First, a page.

The Singapore Government operates on a balanced budget over each term of Government. It also has a strong balance sheet that has assets well in excess of its liabilities.
The Government does not borrow* to fund its Budget. Under the Government Securities Act, the Singapore Government cannot spend the monies raised from three existing domestic debt securities it issues: Singapore Government Securities (SGS), Special Singapore Government Securities (SSGS), and Singapore Savings Bonds (SSB).
SGS are marketable debt instruments issued for purposes of developing Singapore's debt markets. They provide a risk-free benchmark against which other risky market instruments are priced off.
SSGS are non-tradable bonds issued specifically to the Central Provident Fund (CPF) Board, Singapore’s national pension fund. Singaporeans’ CPF monies are invested in these special securities which are fully guaranteed by the Government. The securities earn for the CPF Board a coupon rate that is pegged to CPF interest rates that members receive.SSB are non-tradable bonds issued to provide individual investors with a long-term saving option.
All borrowing proceeds from the issuance of SGS, SSGS, and SSB are invested. These investment returns are more than sufficient to cover the debt servicing costs.
More details of Singapore Government Borrowings are found here.
*Refers to borrowings through the Government Securities Act.
Yes. This is because the debt comprises Singapore Government Securities, Special Singapore Government Securities, and Singapore Saving Bonds, that are not used for spending. The borrowing proceeds are invested. The Singapore Government has a strong balance sheet with assets well in excess of its liabilities. The Government has significant net assets and no net debt.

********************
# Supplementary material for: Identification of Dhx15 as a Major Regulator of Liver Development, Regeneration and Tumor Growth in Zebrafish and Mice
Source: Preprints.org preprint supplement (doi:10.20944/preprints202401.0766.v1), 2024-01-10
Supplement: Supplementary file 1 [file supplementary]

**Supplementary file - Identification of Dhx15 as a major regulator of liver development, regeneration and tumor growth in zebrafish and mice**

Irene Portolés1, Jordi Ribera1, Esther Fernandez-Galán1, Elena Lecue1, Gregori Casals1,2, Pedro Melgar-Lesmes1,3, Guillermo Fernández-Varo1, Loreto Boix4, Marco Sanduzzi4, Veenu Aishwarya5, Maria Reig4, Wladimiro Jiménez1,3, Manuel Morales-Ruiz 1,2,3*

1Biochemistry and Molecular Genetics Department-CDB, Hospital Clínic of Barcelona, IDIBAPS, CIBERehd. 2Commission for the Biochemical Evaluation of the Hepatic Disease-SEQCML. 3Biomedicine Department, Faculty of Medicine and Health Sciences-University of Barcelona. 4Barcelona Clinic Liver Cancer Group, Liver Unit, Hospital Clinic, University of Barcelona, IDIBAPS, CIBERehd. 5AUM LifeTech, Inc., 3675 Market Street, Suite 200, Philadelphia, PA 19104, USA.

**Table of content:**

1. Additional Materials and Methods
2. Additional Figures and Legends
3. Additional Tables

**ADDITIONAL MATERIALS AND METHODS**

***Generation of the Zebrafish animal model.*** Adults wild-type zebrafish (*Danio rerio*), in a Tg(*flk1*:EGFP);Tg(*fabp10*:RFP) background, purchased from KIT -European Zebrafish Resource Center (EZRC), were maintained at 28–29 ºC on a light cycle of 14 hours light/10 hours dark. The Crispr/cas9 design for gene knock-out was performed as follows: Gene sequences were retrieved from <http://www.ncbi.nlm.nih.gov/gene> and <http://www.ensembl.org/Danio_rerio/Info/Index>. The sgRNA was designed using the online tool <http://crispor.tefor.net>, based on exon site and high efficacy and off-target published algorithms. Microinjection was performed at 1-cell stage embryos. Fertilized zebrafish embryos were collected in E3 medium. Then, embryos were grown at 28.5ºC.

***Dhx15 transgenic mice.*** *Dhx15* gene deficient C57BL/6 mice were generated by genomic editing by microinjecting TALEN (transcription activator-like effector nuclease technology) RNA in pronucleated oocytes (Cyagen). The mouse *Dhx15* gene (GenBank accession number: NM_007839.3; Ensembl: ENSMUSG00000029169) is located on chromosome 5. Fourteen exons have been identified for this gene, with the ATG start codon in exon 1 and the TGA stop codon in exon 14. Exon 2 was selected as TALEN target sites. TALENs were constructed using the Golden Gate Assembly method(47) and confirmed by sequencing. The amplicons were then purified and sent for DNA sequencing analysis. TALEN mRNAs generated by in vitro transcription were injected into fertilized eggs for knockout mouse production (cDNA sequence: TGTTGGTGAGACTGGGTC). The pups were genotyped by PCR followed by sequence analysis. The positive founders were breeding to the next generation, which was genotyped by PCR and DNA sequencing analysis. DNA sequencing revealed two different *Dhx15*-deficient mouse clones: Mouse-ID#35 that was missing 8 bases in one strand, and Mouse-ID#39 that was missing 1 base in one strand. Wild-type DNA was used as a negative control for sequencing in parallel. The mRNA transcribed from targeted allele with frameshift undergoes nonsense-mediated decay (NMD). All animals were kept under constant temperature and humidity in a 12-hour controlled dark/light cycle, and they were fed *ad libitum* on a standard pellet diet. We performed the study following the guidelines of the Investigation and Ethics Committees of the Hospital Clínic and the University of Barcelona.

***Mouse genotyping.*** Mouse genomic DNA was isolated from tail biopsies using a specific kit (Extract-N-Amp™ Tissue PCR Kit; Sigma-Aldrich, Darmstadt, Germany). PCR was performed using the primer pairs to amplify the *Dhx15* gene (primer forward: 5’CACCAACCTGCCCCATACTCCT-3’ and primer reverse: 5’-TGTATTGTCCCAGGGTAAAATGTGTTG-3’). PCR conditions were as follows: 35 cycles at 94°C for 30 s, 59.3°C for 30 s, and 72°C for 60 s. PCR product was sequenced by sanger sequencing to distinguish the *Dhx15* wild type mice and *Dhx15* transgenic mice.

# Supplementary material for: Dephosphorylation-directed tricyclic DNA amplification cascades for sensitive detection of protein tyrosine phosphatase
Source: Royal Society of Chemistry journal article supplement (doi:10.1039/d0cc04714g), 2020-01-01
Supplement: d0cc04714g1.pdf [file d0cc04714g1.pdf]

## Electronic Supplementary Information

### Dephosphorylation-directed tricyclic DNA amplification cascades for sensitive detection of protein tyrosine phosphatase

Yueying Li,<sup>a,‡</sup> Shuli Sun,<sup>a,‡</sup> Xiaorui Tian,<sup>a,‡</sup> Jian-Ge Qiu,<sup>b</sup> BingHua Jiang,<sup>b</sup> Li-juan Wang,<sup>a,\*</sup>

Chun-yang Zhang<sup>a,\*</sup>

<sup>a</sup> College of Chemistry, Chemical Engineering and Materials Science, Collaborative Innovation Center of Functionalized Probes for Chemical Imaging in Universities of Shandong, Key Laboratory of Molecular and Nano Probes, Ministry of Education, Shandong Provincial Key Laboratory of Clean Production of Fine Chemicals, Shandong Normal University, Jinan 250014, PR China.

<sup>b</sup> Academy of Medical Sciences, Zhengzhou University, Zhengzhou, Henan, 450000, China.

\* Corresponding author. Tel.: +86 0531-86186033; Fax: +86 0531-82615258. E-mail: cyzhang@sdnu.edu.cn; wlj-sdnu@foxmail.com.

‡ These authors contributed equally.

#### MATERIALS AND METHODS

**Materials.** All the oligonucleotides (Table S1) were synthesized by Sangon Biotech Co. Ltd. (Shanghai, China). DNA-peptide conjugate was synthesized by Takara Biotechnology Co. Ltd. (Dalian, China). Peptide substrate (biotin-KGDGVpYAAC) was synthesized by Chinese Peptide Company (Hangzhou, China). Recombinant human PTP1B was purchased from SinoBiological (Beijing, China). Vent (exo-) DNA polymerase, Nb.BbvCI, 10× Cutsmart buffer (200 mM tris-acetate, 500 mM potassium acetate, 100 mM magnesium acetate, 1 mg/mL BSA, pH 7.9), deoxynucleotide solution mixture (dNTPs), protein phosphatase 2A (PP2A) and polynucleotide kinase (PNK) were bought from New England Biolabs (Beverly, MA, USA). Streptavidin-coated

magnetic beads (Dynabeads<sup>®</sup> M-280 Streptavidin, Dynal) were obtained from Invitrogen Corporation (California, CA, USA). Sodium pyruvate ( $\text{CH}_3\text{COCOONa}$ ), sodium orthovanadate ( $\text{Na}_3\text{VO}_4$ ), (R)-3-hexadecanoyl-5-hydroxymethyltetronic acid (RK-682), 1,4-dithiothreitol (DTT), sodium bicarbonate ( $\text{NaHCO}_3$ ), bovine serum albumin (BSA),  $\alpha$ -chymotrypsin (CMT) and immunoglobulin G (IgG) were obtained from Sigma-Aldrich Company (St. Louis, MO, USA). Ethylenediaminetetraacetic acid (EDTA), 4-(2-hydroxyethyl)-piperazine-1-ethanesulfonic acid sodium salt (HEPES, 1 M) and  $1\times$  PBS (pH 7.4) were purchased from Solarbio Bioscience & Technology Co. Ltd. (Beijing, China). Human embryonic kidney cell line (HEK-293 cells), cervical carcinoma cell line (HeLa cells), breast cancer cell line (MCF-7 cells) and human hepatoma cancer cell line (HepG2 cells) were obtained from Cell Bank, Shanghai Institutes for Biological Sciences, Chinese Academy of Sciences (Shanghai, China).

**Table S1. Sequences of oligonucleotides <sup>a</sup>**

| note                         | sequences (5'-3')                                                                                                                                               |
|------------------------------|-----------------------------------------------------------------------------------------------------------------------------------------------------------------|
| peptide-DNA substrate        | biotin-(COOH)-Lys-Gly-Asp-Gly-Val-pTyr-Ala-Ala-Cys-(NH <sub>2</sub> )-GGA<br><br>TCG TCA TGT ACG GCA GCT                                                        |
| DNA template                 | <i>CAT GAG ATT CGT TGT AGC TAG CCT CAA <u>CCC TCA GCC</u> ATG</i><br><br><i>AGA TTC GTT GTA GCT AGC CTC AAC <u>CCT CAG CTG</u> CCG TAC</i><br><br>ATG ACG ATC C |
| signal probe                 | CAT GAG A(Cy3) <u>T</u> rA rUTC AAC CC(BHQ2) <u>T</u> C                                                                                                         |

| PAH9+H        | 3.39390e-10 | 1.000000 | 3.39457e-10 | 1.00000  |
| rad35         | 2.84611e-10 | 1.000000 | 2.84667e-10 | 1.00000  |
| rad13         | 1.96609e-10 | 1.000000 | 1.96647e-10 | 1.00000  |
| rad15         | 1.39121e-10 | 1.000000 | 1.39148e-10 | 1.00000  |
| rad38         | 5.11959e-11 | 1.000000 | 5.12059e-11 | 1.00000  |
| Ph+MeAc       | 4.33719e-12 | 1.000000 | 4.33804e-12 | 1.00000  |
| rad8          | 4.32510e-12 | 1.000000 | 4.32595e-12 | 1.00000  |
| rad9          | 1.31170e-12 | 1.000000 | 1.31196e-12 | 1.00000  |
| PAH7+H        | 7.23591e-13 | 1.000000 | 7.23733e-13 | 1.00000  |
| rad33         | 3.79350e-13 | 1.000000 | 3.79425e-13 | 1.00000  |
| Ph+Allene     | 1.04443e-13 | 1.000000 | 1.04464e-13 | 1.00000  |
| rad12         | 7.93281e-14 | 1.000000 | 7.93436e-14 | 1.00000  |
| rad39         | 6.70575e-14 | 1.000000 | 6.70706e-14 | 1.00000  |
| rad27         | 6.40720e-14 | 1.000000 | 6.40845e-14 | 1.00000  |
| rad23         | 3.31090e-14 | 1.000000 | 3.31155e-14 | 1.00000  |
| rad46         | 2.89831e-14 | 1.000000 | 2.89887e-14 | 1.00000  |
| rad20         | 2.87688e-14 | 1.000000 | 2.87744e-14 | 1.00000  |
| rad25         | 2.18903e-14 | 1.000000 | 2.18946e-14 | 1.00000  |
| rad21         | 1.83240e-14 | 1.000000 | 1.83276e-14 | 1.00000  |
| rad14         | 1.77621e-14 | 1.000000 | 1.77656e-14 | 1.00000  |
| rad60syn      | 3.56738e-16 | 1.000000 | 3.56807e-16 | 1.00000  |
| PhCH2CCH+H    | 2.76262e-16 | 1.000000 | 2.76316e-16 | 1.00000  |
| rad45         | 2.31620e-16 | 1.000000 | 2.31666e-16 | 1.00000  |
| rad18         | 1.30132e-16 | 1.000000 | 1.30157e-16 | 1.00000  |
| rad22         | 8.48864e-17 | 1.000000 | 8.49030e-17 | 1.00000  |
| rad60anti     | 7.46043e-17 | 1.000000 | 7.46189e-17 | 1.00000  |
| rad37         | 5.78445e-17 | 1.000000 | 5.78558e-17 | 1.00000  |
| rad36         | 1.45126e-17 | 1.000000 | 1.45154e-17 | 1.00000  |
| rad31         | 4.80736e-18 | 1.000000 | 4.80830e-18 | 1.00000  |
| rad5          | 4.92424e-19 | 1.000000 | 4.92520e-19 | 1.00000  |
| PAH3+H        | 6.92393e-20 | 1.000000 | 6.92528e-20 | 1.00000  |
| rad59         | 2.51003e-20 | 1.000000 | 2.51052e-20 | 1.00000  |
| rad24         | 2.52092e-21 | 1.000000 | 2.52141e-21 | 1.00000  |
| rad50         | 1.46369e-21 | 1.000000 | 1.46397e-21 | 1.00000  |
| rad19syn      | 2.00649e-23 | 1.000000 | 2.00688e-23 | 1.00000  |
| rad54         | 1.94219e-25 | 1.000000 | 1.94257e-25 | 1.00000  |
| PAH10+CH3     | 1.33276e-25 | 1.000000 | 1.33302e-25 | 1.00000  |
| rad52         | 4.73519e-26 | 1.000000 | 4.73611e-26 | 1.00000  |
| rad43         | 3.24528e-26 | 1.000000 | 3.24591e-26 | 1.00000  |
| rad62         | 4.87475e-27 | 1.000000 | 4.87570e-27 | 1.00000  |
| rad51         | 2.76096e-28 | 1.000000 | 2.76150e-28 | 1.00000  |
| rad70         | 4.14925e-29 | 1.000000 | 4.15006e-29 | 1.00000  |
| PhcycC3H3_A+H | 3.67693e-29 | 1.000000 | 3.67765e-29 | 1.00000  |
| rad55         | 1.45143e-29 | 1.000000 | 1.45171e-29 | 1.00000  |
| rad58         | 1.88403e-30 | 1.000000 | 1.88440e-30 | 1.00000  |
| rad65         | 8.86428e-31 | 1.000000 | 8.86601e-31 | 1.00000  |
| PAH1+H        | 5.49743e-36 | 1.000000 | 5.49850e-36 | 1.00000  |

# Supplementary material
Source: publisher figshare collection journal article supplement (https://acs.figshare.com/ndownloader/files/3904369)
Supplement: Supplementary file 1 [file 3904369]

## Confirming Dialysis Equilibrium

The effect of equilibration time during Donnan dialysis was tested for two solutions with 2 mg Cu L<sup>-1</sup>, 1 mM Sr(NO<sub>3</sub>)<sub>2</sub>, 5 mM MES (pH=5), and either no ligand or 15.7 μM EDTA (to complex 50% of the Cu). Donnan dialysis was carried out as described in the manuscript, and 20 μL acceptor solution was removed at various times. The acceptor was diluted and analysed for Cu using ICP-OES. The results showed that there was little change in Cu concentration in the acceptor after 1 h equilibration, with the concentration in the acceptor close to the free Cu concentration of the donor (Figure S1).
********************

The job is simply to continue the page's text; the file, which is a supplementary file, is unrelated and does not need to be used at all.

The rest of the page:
Looking only at the liabilities (i.e. debt) alone thus does not discriminate between two countries with the same level of debt but with very different levels of assets. Singapore is in fact a net creditor country, not a debtor country, and is able to earn significant investment income on its net assets.
This is why international credit rating agencies give the Singapore Government the highest short and long-term credit ratings of AAA. In an April 2012 report by BlackRock Investment Institute, Singapore also ranked 2nd in the BlackRock Sovereign Risk Index in terms of creditworthiness. A key strength highlighted was Singapore’s net asset position.